About the Strip
NeverNever was created c. 1996, when I was looking for ideas for a comic strip to sell to the big newspaper syndicates. I had enjoyed some success with my college paper strip, Whistling in the Dark, but I didn’t think that one would get real far. The way I remember it, the big announcement had just been made that Calvin and Hobbes was being retired, and I was disappointed about it, which probably was a major influence on the earliest strips. I know it definitely influenced the very first strip, shown at the top of this page, which was a deliberate homage to the first strip of Calvin and Hobbes.
My basic idea was a simple one … faeries, elves, and whatnot are generally assumed to be immortal, or at least very long-lived … so where the heck are they? Well, the answer is obvious: they’re right there where they’ve always been, we just don’t notice.
Well, I figured, if we just don’t notice them, then they must be pretty ticked at us, building housing developments in their meadows, paving roads over their houses, knocking dragons out of the sky with our transcontinental jets, and so forth. If I were the leader of the various magical creatures, I’d want to do something to get humanity’s attention — heck, I might even declare war!
Once I had a faerie army at war with humanity, combined with the idea of a faerie accidentally caught in a mousetrap, the rest began to fall into place naturally. Arthur and his nonbelieving dad, Col. Beowulf, General Blither, Lieutenant Bristle, and Queen Isegrayne came forward almost immediately. But I still felt something was missing … both some sort of romance angle, and some sort of really different character. Mopsy the Pooka stepped forward for that purpose, and I knew right away that she was exactly who I was looking for. I wasn’t sure what her role in the strip was going to be, at first … that she would get involved with Col. Beowulf later rather took me by surprise.
Since at that point my goal was still newspaper syndication, I quickly threw together about a month’s worth of strips. My art style at that stage was still very rough, and the syndicates were not impressed. Feeling rejected, I let NeverNever sit in a drawer for a while, trying to figure out what to do next.
Late in 1998, I was unemployed and pretty unsatisfied with how my career was going, so I decided to take up my cartooning again. A friend of mine had just introduced me to Kevin and Kell, and I was inspired not only by Bill Holbrook’s artwork (which is great), but by the happy innocence of the work. Of my creations, I still thought that NeverNever had the best chance on the market, so I redrew the first month’s worth of strips and sent it off again … with the same lackluster response. Undeterred (it’s amazing what a little inspiration can do for you), I decided to post my strips on the internet. I figured that if I built an audience, the syndicates would have to take interest sooner or later. A coworker at my new job provided me some webspace, and off I went!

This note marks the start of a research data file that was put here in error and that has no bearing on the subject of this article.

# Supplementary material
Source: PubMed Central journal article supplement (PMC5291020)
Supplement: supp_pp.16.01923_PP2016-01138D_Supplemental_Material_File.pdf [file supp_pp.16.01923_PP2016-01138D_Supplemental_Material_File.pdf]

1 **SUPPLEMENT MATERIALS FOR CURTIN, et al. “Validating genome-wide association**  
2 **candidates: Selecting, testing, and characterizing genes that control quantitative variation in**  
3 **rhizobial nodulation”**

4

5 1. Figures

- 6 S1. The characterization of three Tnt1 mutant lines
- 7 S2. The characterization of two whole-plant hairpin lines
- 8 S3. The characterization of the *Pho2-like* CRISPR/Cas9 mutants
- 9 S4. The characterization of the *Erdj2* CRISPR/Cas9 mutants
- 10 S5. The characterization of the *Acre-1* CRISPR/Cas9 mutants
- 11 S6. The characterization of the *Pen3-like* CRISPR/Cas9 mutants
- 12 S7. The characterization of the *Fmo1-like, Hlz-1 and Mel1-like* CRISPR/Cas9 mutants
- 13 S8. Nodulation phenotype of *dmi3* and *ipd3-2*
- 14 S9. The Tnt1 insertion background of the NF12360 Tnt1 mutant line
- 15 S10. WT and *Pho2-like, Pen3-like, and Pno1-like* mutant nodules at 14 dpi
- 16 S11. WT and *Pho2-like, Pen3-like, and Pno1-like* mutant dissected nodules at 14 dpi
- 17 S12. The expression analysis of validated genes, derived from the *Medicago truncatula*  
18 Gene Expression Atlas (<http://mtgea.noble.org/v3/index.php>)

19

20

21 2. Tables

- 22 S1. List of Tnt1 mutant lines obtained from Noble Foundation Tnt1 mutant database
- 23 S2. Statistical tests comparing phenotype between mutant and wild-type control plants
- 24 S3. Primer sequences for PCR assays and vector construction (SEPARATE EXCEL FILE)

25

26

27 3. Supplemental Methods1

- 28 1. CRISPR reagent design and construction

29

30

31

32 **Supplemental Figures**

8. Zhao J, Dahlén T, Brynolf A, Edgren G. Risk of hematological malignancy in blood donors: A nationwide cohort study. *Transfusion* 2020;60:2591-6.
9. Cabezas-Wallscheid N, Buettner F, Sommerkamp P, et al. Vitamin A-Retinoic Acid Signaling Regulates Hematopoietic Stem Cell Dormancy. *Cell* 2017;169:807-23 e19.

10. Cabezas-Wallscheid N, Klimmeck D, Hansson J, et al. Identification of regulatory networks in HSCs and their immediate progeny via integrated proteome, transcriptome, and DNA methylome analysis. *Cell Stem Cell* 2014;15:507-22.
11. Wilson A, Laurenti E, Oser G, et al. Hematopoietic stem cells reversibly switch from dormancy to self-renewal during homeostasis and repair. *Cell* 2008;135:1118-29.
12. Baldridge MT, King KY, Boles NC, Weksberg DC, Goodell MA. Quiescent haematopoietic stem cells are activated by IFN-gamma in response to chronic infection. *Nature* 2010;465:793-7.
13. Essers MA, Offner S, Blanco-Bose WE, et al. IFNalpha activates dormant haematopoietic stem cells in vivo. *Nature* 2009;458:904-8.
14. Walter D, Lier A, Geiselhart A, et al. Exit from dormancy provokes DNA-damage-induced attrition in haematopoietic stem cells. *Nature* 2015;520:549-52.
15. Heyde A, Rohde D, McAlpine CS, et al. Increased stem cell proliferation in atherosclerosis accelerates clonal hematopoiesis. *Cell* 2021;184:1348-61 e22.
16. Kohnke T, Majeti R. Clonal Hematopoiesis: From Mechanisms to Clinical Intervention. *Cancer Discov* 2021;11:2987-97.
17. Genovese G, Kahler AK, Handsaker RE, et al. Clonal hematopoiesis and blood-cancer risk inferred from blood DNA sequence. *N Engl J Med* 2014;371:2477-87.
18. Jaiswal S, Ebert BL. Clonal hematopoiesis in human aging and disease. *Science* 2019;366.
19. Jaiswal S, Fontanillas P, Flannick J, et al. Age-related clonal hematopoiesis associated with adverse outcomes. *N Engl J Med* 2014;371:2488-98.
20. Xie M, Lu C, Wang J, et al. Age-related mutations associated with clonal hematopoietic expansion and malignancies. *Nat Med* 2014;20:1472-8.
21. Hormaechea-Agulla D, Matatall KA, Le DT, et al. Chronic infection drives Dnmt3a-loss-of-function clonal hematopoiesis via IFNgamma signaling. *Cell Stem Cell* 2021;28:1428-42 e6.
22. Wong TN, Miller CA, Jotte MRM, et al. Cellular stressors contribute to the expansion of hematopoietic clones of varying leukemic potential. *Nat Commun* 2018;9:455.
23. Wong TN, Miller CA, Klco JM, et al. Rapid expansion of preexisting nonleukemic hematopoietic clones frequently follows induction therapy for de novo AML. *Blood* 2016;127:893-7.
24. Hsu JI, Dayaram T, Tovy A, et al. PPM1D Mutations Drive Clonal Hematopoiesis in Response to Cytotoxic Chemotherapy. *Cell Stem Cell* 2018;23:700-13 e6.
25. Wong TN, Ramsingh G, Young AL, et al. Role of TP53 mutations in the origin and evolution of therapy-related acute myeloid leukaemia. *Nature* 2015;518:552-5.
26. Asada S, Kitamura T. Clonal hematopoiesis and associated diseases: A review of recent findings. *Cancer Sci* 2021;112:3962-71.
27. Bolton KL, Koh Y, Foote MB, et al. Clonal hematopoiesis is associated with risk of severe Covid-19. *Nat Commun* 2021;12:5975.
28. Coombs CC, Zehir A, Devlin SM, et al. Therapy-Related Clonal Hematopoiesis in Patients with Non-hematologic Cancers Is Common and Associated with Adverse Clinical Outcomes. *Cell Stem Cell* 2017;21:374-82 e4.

I began my other online strip, The Suburban Jungle, a few months later, and for about a year the two strips ran on alternating weeks. Unfortunately, the stresses of my incredibly-hectic dot-com job, a bout of clinical depression, and various other factors began to take a heavy toll on me. I decided that I should concentrate my dwindling creative resources toward one comic or the other … and while NeverNever had the more devoted fans, Suburban Jungle had a much larger volume of fans. So I concentrated on SJ, putting NN on an indefinite hiatus, but always intending to return to it.
A lot has happened since then … the dot-com crash killed my job, St. John’s Wort and counseling have done wonders for the depression, and my resolve to get NeverNever up and running again has finally come to fruition. I’ve pretty much forgotten about the syndicates … most of the stuff running in the newspapers these days isn’t worth the trouble to read anyway. All of the work I really enjoy and admire is on the web. Yeah, there’s not a lot of money to be made in this space, but I was never really in it for the money anyway. As long as I can keep my house and keep eating, the rest is just a bonus.